• Only allowed one user to use SSH by adding something like AllowUsers sam at the bottom of the file
After that I restarted SSH by using the sudo systemctl restart sshd command and all my initial configurations were up and running.

Now that I was done with SSH, it was time to get ready to install Samba, this time I had a different approach. I wanted to create a Samba share with two users, the second user would basically have “read only” access, meaning they can view the content but they can’t add, edit or delete any of it.

That way my family can access my vacation photos, without deleting one they thought they made a face in or didn’t like. I’m so evil.

To Install Samba: sudo apt install samba

After it’s installed, I added a new user without having any home folder made for them by using the useradd -M family command, “family” being the user name. Then I used usermod -L family command to lock the account, no one will be able to login with it or use it in the system, it’s just a user. Arguably there are others that would recommend adjusting that user even further with no shell access, but to me that was enough.

Then I created a Samba password for each user by running the sudo smbpasswd -a <username> command, “<username>” being the users you added earlier, for example sam, then run the command again for family. Each with their own password, they’ll be able to access the NAS from any device within the local network with those credentials.

HDD Auto Mount:

After I created the Samba users, now it was the time to prepare the hard drive to be accessed and auto mounted in case the netbook rebooted at any point.

First I created a directory to use as a mounting point, I named it nas. sudo mkdir /media/nas
Then I ran the sudo blkid command to get the UUID of the hard drive to uniquely identify it for the mounting point. After I copied the UUID I edited the configuration to auto mount the HDD to the directory I created earlier, first I used the sudo nano /etc/fstab command to open the configuration in Nano editor, then at the bottom of the file I added the following:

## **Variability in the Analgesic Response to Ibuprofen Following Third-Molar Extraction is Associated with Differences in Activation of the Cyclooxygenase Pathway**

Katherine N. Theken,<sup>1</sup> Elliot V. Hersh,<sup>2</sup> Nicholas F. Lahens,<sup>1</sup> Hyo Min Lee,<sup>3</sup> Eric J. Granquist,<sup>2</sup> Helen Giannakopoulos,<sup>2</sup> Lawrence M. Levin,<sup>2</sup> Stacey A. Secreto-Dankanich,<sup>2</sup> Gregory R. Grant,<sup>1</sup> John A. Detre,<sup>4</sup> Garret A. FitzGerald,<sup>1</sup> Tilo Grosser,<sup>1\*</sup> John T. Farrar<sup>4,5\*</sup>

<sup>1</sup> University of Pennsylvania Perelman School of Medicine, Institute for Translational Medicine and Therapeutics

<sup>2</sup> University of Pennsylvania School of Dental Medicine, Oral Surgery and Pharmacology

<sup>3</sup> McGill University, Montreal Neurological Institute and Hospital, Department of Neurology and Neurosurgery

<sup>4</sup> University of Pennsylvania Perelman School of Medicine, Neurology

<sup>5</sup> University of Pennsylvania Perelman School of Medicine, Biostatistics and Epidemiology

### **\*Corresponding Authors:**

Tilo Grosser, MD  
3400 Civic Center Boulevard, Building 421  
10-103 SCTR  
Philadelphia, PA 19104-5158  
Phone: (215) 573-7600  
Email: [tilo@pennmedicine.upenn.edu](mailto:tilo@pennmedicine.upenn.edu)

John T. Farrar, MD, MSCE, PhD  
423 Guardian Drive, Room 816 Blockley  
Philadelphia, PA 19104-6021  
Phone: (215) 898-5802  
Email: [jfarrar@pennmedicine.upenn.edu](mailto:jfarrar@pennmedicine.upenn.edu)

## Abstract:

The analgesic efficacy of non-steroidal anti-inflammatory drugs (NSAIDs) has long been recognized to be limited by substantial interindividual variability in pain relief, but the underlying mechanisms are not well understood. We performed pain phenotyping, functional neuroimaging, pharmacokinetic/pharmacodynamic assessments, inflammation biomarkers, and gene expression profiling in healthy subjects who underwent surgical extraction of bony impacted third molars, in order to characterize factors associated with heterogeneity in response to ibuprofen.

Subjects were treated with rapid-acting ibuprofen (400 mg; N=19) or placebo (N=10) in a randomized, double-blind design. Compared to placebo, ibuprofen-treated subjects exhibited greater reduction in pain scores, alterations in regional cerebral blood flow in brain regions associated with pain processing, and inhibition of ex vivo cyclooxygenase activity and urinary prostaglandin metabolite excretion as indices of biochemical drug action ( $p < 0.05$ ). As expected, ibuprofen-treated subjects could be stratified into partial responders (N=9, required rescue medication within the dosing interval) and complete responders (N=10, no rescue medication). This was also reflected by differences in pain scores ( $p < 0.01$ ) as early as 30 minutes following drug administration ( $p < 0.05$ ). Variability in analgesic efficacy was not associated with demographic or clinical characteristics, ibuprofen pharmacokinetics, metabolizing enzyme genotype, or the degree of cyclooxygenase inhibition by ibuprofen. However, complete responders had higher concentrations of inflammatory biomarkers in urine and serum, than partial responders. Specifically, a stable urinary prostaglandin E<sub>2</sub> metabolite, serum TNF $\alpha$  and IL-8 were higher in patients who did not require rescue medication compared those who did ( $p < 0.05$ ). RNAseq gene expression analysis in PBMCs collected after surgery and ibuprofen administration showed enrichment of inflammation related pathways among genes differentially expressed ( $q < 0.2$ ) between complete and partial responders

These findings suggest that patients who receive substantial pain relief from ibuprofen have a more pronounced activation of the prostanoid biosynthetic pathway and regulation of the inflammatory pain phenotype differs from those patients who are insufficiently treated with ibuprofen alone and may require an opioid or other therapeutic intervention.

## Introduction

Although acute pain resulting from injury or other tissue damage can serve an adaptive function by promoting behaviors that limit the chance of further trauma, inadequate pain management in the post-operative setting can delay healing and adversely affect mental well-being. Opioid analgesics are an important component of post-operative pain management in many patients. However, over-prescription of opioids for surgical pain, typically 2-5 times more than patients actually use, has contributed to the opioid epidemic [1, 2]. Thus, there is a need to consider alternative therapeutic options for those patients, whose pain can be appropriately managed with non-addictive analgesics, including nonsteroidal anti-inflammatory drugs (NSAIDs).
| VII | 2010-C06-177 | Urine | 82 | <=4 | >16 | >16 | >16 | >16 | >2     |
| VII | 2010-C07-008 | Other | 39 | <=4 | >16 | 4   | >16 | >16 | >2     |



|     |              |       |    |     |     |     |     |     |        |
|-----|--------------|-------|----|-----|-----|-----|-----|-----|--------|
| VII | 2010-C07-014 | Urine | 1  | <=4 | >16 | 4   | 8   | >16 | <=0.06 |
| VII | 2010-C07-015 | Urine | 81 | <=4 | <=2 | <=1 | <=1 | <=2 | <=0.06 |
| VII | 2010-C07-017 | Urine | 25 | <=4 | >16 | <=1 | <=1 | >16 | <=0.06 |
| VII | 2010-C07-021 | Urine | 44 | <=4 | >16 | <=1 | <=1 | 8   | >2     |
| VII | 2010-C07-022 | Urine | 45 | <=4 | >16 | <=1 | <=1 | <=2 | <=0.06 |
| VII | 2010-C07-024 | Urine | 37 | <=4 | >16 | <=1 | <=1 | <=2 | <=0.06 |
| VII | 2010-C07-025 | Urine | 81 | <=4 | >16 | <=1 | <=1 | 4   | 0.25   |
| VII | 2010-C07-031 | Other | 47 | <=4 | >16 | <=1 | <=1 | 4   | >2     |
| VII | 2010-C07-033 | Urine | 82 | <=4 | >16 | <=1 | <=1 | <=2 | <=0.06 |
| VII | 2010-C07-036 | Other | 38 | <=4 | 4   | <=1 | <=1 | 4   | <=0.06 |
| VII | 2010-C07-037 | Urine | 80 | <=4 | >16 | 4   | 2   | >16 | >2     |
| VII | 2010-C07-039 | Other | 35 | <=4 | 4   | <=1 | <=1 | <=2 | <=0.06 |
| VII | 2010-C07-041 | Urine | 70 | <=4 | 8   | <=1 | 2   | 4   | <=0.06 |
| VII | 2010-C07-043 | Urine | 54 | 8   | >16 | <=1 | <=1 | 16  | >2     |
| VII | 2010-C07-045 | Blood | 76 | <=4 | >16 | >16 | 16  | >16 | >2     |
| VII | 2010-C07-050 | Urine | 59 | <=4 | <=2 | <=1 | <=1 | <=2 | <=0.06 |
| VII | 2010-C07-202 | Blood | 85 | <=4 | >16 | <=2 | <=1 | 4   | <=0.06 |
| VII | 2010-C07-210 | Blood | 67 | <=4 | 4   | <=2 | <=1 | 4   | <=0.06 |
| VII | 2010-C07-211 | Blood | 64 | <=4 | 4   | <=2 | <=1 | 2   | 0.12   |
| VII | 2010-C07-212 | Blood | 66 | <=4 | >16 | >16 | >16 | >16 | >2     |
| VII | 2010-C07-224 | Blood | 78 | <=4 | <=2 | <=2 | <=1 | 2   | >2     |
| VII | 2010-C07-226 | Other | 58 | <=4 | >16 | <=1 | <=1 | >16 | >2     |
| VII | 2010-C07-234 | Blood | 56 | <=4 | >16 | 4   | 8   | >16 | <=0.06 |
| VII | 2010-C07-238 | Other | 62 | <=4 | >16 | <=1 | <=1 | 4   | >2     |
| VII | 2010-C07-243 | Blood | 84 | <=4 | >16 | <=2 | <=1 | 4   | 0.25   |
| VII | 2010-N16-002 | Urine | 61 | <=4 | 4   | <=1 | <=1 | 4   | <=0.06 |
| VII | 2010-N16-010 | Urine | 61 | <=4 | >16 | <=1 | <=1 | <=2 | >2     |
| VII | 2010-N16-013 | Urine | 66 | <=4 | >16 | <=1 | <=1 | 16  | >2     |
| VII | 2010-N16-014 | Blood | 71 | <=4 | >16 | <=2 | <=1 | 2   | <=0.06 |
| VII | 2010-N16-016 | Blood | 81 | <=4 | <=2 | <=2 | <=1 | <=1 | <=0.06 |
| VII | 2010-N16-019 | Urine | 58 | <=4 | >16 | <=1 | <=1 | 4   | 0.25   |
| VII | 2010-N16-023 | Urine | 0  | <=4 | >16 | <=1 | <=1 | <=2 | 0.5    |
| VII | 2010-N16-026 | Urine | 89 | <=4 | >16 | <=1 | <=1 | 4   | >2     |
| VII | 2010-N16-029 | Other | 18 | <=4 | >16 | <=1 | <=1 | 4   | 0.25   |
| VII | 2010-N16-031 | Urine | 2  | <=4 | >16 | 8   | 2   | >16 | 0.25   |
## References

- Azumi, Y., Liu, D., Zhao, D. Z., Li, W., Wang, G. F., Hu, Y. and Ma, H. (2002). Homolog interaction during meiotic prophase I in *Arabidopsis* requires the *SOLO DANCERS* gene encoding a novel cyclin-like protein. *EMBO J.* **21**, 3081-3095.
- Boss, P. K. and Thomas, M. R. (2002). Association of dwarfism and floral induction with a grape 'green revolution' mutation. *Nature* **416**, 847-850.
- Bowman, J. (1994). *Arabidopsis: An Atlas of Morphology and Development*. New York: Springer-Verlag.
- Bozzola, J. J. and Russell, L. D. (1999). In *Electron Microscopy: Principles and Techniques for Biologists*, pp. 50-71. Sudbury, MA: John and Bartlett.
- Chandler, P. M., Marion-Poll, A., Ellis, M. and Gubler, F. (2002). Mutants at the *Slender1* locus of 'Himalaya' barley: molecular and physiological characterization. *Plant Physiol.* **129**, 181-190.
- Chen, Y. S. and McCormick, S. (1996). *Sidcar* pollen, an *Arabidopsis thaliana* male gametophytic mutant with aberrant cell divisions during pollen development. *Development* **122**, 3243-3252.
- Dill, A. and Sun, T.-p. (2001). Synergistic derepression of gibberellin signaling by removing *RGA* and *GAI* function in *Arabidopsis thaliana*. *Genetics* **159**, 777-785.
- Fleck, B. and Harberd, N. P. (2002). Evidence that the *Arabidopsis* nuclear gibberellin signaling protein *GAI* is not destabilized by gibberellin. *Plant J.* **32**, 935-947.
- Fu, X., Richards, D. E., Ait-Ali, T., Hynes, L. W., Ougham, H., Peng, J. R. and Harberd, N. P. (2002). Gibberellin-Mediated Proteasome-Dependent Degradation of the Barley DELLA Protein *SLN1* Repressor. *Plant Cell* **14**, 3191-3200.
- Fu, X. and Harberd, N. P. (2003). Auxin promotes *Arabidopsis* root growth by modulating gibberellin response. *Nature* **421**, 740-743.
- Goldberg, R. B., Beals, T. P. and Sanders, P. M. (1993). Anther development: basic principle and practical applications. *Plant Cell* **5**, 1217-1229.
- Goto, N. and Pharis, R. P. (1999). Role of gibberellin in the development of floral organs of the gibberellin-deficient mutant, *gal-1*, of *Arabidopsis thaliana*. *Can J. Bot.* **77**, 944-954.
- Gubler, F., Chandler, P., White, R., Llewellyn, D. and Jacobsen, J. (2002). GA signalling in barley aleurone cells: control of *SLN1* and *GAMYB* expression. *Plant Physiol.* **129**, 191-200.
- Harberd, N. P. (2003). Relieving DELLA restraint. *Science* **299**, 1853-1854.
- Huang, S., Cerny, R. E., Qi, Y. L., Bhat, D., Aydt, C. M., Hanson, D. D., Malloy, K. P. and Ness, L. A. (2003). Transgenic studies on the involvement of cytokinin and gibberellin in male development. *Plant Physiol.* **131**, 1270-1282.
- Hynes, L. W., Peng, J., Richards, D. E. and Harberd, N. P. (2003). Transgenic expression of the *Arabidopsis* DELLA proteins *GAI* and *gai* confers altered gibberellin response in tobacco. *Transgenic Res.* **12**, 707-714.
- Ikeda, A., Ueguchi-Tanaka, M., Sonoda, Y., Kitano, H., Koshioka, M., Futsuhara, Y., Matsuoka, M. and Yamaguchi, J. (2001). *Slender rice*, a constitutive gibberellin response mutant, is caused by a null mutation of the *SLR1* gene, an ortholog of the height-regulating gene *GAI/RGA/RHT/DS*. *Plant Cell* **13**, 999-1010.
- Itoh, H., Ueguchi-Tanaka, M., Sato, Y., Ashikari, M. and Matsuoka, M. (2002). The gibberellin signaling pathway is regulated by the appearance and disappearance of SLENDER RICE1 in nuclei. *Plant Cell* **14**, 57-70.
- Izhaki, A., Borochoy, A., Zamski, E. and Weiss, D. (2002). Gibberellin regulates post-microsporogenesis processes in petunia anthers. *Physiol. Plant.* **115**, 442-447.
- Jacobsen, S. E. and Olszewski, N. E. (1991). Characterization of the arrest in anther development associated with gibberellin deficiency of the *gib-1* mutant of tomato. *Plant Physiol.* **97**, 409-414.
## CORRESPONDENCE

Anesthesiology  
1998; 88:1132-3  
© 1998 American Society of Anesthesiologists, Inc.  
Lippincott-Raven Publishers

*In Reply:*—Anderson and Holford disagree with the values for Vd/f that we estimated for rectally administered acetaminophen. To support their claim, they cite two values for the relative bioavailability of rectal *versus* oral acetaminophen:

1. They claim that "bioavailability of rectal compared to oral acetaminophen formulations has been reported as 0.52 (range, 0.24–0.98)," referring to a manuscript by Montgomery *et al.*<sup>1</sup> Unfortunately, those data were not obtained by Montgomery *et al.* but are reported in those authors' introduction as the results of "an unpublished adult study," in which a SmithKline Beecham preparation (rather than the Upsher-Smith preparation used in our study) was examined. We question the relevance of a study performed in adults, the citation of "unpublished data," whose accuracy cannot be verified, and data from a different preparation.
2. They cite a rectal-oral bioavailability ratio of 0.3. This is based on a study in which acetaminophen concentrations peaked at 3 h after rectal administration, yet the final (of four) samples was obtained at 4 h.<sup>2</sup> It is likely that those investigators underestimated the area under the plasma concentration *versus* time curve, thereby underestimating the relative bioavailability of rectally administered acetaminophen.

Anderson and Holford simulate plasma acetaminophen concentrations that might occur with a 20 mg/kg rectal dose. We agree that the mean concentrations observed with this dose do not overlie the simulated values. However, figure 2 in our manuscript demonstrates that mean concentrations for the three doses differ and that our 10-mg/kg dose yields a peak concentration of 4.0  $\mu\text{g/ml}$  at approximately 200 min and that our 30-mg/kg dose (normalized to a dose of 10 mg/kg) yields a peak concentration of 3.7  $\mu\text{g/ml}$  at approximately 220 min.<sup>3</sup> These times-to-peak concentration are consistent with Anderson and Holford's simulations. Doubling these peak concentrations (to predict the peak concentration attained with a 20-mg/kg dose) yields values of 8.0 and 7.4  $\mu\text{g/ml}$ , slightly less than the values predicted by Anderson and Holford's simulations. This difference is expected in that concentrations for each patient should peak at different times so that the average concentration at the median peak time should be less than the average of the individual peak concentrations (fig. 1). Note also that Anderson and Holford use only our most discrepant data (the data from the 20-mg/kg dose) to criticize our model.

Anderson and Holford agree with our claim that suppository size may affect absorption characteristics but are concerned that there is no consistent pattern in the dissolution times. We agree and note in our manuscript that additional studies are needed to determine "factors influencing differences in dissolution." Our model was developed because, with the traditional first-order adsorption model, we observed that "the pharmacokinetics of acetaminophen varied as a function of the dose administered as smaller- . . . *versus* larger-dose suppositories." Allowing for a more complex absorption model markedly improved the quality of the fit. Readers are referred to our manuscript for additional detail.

#MyStation drive
UUID=[MY_HDD_UUID] /media/nas ext4 defaults,noatime 0 0

Replacing “[MY_HDD_UUID]” with the actual one, of course. What that basically does is tell the system to mount my HDD to /media/nas on start up, which is using the Ext4 filesystem and using the default options with noatime to prevent updating the hard drive with access times, that way I’ll be able to make it go on standby if it wasn’t used for a while. For more details please read this guide on fstab.

HDD Standby:

For this task I used TLP. This tool helped me significantly, it spins down the HDD (standby) and it controls many aspects such  as CPU performance to save power consumption and resources. I also have it handle the power outage. Since this is a netbook and it has a battery, I have it monitor when the netbook switches to battery mode, if power is critically low (10%), then it would safely shutdown the netbook.

TLP utilizes HDParm to spindown HDDs, so consider TLP an advanced tool that handles power management.

Adding a Samba Share:

The users are set up and the hard drive is configured, now all we have to do is add a Samba share so the users can access it from the network.

First, we edit the configuration file: sudo nano /etc/samba/smb.conf

Then at the very bottom, I added the following:

    comment = Debian Netbook Share
    path = /media/nas
    browsable = yes
    valid users = sam family
    write list = sam

Let me explain what that list means.
  • [MyStation] defines how the share will be seen in the network, so for example when accessing it on Windows, you’ll see “MyStation” folder, you can change it to whatever you want.
  • The comment part is just to help you identify what this share was, since we’re only creating one share, this is optional, you can leave it blank if you want.
  • The path is to define what folder will be accessed on the netbook, in this case I added the mounting point for my HDD
  • Browsable means they can browse it, it’s that obvious.
  • Valid users lists the users that can actually access this share, in here I specifically defined both “sam” and “family” to be the only users allowed access.
  • Write list makes “sam” the only user that can add, edit or delete to that share, any other allowed user will only have “read only” access, meaning they can view the content, but not change it in any way.